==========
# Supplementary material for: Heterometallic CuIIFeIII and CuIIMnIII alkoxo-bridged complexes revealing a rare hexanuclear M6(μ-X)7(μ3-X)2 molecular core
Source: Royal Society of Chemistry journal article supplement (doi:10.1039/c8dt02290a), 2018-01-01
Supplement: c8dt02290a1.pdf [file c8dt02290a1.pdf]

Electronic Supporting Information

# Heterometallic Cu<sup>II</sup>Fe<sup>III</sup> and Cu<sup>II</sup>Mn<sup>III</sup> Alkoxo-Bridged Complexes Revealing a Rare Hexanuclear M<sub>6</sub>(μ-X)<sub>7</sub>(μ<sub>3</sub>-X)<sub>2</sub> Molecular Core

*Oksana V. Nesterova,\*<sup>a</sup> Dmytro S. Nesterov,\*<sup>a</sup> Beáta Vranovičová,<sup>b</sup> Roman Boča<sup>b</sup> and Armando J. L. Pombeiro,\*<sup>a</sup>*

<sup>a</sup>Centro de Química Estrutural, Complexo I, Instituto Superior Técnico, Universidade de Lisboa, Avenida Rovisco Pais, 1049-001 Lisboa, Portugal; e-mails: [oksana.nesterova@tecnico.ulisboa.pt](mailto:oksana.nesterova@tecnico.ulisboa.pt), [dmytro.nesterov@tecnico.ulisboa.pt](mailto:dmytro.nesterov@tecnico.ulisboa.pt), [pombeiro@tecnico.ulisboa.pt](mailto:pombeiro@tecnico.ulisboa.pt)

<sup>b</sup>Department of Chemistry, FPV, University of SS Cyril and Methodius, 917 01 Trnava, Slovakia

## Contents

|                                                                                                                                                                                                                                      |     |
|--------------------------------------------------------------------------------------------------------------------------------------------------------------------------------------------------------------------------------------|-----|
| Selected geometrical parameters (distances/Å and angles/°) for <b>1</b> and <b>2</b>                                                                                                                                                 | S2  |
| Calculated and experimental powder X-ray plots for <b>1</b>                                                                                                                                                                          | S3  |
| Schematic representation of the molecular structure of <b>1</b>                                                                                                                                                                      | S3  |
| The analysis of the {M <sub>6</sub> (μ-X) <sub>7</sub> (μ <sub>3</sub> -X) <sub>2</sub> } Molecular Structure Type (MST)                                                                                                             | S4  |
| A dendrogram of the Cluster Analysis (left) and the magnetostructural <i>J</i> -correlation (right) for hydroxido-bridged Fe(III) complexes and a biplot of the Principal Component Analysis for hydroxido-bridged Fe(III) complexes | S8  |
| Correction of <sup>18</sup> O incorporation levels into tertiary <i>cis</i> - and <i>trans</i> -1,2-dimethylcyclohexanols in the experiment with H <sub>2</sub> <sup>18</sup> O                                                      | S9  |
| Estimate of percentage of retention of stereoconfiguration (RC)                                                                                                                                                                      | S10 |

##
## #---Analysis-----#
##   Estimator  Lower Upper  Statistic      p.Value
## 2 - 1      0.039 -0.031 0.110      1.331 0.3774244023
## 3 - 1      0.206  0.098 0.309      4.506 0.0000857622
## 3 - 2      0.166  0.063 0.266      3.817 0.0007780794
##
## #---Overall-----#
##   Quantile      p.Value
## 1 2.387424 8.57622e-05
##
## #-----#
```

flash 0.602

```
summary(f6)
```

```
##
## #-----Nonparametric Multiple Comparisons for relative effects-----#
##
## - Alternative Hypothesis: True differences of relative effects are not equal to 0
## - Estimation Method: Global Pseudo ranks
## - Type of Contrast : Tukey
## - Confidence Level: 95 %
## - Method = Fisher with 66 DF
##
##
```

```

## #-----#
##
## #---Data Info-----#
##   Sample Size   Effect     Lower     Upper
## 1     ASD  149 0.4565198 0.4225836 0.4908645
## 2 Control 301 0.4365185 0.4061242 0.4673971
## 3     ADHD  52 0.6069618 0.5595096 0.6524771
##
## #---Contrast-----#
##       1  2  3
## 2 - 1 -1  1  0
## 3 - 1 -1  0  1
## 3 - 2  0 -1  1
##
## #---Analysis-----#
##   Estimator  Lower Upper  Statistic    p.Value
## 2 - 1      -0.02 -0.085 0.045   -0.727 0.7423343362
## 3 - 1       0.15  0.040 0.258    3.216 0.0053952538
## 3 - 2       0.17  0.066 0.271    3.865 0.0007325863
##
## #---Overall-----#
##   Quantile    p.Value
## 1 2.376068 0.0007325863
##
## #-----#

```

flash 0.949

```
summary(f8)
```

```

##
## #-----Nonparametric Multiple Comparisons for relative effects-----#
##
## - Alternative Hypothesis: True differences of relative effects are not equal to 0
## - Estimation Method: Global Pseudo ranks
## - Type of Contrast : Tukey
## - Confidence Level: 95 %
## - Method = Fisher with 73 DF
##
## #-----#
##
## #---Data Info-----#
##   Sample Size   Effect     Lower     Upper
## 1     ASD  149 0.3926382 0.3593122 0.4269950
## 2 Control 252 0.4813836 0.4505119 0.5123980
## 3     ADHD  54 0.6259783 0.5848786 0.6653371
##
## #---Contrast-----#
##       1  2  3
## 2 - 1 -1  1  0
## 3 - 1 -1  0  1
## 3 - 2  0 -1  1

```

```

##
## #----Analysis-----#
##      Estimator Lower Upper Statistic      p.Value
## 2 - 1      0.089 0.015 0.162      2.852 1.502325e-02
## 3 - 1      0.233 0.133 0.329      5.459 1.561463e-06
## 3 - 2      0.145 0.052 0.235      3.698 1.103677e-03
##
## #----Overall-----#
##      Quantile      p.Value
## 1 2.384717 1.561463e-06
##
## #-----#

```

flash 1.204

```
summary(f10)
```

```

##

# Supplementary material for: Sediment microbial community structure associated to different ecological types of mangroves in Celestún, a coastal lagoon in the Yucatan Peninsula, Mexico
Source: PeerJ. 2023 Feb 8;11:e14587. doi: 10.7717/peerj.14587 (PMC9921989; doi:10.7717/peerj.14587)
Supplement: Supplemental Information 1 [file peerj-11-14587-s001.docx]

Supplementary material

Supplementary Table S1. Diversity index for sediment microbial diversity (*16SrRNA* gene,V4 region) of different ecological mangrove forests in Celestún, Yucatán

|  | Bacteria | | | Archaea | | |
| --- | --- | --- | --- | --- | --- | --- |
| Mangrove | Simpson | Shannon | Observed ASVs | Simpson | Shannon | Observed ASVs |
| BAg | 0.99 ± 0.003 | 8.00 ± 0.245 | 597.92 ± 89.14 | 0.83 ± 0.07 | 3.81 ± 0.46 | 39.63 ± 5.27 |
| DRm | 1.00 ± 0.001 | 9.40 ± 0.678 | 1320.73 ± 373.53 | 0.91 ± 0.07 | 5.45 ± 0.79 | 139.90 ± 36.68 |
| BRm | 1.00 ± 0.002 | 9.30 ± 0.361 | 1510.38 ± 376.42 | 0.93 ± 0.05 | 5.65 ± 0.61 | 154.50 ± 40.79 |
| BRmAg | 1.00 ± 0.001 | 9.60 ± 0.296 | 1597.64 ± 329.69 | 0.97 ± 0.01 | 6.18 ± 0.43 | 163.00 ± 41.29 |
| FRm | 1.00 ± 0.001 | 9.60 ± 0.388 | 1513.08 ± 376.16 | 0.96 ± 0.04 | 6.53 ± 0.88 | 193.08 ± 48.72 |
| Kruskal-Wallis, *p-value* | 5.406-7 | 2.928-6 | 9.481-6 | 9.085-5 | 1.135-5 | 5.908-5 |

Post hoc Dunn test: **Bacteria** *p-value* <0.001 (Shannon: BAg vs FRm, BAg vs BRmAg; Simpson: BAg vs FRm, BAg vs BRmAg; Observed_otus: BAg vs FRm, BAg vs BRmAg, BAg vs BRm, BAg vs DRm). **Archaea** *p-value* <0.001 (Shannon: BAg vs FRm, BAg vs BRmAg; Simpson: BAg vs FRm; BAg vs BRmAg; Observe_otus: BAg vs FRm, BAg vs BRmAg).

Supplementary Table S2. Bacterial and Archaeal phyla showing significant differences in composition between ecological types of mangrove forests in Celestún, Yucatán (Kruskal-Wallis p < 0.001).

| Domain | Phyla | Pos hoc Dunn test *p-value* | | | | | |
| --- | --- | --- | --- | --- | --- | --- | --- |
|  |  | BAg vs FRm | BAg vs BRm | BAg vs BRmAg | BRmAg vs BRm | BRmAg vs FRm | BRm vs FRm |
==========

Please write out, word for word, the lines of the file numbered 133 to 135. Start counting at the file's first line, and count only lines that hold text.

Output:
| BRm | 1.00 ± 0.002 | 9.30 ± 0.361 | 1510.38 ± 376.42 | 0.93 ± 0.05 | 5.65 ± 0.61 | 154.50 ± 40.79 |
| BRmAg | 1.00 ± 0.001 | 9.60 ± 0.296 | 1597.64 ± 329.69 | 0.97 ± 0.01 | 6.18 ± 0.43 | 163.00 ± 41.29 |
| FRm | 1.00 ± 0.001 | 9.60 ± 0.388 | 1513.08 ± 376.16 | 0.96 ± 0.04 | 6.53 ± 0.88 | 193.08 ± 48.72 |